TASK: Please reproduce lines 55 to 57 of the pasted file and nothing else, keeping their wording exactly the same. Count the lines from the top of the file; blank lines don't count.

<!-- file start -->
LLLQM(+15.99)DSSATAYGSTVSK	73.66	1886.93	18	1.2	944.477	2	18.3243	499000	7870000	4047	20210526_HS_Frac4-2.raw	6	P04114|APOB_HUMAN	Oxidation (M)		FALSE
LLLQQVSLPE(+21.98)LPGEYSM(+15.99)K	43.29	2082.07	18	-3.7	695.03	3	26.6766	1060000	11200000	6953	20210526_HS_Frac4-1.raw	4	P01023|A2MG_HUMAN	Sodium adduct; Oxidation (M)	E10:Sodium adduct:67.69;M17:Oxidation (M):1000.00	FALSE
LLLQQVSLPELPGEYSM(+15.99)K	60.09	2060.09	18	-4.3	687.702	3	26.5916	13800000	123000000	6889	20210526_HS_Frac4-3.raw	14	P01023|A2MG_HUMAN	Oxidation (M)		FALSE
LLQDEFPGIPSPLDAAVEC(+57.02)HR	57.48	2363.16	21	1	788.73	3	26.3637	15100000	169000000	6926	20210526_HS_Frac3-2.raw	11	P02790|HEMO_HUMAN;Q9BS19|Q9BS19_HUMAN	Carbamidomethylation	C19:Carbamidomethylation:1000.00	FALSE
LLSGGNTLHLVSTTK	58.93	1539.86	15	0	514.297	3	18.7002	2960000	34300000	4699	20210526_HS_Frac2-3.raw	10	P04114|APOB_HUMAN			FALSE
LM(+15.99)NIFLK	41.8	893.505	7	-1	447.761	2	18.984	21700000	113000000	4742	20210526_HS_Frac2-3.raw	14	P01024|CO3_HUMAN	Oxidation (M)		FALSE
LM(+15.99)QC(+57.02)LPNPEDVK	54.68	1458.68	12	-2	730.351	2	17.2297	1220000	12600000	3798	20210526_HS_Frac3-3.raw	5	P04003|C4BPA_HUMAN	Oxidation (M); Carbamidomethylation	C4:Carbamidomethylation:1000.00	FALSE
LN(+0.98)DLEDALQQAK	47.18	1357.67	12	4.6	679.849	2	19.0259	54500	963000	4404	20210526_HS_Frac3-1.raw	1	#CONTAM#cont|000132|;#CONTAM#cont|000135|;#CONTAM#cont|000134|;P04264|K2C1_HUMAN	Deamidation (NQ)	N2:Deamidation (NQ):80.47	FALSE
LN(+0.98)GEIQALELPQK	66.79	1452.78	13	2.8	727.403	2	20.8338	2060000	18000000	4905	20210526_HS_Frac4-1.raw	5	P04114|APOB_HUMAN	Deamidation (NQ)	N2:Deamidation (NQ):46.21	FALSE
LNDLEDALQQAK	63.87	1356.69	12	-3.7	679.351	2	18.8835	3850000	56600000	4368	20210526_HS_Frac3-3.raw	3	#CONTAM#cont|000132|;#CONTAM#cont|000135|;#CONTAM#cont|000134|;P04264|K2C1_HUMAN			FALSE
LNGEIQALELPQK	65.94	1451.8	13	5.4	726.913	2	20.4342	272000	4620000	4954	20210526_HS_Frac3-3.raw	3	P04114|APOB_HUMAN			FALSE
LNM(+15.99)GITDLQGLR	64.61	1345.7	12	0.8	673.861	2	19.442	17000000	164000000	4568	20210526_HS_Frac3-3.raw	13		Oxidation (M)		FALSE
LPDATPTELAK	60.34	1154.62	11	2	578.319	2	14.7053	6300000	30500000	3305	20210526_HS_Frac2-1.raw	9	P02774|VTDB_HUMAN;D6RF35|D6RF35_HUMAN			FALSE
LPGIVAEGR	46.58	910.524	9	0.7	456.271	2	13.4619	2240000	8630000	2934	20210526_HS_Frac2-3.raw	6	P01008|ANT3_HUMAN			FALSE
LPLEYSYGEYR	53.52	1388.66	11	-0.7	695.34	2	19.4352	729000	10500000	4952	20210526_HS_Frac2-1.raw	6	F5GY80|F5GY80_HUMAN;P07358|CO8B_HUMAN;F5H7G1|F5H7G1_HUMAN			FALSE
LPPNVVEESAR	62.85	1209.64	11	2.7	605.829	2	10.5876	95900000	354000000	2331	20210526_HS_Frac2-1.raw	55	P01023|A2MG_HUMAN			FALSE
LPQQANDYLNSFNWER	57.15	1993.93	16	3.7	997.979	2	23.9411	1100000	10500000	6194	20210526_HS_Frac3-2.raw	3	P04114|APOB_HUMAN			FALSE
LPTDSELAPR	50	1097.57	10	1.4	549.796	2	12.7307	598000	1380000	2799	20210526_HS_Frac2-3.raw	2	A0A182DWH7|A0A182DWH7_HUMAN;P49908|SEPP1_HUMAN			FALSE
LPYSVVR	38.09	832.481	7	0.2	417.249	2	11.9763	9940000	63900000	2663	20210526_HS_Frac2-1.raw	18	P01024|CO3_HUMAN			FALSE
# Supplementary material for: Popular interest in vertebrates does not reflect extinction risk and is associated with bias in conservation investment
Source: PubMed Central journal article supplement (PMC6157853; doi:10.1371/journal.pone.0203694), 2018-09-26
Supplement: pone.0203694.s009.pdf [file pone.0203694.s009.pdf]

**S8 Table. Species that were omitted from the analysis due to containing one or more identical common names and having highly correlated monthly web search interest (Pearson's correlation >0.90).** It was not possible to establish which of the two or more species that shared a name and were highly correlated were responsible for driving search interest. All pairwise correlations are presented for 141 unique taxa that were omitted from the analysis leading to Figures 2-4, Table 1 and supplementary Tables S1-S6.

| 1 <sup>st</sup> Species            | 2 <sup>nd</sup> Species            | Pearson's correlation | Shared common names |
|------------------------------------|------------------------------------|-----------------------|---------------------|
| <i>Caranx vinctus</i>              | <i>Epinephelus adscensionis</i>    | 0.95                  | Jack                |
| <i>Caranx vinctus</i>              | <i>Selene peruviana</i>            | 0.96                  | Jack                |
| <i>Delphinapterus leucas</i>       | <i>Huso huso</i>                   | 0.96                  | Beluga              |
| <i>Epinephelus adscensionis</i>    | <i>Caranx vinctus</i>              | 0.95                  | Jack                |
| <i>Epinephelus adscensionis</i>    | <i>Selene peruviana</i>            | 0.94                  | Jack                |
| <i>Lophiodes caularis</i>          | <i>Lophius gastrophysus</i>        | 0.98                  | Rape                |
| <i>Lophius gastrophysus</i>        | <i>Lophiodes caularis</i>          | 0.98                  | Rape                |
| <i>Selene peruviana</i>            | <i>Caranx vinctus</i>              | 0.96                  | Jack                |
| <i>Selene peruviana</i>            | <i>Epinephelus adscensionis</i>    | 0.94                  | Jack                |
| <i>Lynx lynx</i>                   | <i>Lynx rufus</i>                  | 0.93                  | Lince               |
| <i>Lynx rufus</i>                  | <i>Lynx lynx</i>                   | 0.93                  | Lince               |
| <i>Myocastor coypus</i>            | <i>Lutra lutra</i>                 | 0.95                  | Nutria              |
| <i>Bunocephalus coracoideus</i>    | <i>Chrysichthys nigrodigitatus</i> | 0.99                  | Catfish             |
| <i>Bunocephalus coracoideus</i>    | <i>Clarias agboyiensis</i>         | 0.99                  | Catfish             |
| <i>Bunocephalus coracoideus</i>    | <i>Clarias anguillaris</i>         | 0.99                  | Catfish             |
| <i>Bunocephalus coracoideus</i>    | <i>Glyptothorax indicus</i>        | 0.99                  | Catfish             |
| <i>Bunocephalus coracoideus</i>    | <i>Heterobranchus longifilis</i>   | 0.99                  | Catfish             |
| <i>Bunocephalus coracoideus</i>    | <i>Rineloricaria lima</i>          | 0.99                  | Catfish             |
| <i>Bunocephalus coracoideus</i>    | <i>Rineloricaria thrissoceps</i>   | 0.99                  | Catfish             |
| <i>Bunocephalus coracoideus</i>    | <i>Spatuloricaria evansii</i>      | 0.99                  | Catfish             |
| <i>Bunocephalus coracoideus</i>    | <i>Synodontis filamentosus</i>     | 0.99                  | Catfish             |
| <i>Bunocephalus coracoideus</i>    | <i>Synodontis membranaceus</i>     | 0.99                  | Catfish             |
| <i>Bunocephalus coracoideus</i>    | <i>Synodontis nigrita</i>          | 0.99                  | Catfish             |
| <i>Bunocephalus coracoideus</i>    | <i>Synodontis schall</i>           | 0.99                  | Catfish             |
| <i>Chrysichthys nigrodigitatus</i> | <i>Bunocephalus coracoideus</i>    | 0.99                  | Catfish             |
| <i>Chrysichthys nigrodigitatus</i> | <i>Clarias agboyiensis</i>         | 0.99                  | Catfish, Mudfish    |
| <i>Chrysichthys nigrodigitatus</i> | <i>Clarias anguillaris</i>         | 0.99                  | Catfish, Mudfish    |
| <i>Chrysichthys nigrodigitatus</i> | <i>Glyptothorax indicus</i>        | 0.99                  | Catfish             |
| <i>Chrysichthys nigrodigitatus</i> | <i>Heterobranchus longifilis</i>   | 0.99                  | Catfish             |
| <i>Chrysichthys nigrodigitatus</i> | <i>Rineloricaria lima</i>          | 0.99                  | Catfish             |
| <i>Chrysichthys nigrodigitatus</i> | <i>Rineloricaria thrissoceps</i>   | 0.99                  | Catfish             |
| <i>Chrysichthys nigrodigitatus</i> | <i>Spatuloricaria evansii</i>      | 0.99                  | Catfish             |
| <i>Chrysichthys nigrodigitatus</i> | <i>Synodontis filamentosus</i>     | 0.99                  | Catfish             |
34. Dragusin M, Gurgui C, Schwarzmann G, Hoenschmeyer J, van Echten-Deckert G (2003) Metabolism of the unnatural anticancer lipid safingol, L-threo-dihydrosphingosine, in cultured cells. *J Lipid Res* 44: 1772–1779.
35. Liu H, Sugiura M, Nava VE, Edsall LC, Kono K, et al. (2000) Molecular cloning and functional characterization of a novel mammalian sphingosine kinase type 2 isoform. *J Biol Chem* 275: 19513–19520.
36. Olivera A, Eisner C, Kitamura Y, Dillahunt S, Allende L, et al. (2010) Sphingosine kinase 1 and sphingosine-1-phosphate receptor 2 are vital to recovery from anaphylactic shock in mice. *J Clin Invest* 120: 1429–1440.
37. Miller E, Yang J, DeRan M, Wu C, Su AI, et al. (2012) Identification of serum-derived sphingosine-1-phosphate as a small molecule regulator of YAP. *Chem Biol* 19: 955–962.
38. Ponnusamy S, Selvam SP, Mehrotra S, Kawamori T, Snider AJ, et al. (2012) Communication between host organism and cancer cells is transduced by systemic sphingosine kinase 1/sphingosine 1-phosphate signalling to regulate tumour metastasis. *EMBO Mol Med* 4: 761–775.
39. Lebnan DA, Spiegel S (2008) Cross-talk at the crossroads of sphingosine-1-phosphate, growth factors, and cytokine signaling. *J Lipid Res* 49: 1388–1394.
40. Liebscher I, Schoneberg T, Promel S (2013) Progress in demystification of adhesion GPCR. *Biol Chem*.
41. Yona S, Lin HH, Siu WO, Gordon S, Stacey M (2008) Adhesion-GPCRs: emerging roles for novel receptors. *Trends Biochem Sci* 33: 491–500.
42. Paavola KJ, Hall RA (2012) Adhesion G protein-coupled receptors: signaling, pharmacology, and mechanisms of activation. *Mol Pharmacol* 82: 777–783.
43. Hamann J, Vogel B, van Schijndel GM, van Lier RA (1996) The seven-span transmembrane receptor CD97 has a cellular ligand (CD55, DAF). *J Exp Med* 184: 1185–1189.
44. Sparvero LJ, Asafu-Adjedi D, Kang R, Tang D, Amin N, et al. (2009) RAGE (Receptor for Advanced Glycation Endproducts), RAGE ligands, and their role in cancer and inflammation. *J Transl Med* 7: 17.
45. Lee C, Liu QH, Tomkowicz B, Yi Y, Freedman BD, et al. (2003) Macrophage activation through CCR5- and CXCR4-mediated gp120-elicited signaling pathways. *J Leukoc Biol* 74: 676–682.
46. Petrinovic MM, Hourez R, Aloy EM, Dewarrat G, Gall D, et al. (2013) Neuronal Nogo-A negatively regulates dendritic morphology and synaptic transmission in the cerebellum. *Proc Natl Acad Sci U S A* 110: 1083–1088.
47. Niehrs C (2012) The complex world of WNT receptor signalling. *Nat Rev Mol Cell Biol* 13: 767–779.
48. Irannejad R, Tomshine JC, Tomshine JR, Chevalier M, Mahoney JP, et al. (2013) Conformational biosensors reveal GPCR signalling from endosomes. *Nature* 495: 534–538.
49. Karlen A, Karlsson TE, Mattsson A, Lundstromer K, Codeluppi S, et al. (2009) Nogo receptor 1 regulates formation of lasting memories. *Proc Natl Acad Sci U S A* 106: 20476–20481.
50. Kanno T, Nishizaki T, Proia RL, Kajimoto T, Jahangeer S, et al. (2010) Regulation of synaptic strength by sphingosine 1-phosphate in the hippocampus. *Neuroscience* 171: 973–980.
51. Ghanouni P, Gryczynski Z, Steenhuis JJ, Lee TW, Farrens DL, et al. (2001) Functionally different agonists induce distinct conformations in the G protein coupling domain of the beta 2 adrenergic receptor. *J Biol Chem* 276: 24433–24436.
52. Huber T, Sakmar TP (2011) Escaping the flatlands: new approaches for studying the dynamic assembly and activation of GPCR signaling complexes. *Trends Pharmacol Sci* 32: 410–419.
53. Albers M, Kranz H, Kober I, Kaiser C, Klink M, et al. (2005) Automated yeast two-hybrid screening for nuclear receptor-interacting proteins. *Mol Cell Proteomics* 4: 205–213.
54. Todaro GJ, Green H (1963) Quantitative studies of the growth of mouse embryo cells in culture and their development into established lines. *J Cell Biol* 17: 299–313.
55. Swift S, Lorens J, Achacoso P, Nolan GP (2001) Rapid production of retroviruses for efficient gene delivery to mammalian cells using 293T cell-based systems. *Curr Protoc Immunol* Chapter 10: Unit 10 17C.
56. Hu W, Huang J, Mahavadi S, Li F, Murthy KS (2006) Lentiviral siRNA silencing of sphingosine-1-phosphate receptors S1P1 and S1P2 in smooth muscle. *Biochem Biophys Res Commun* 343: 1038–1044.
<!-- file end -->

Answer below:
| <i>Chrysichthys nigrodigitatus</i> | <i>Rineloricaria lima</i>          | 0.99                  | Catfish             |
| <i>Chrysichthys nigrodigitatus</i> | <i>Rineloricaria thrissoceps</i>   | 0.99                  | Catfish             |
| <i>Chrysichthys nigrodigitatus</i> | <i>Spatuloricaria evansii</i>      | 0.99                  | Catfish             |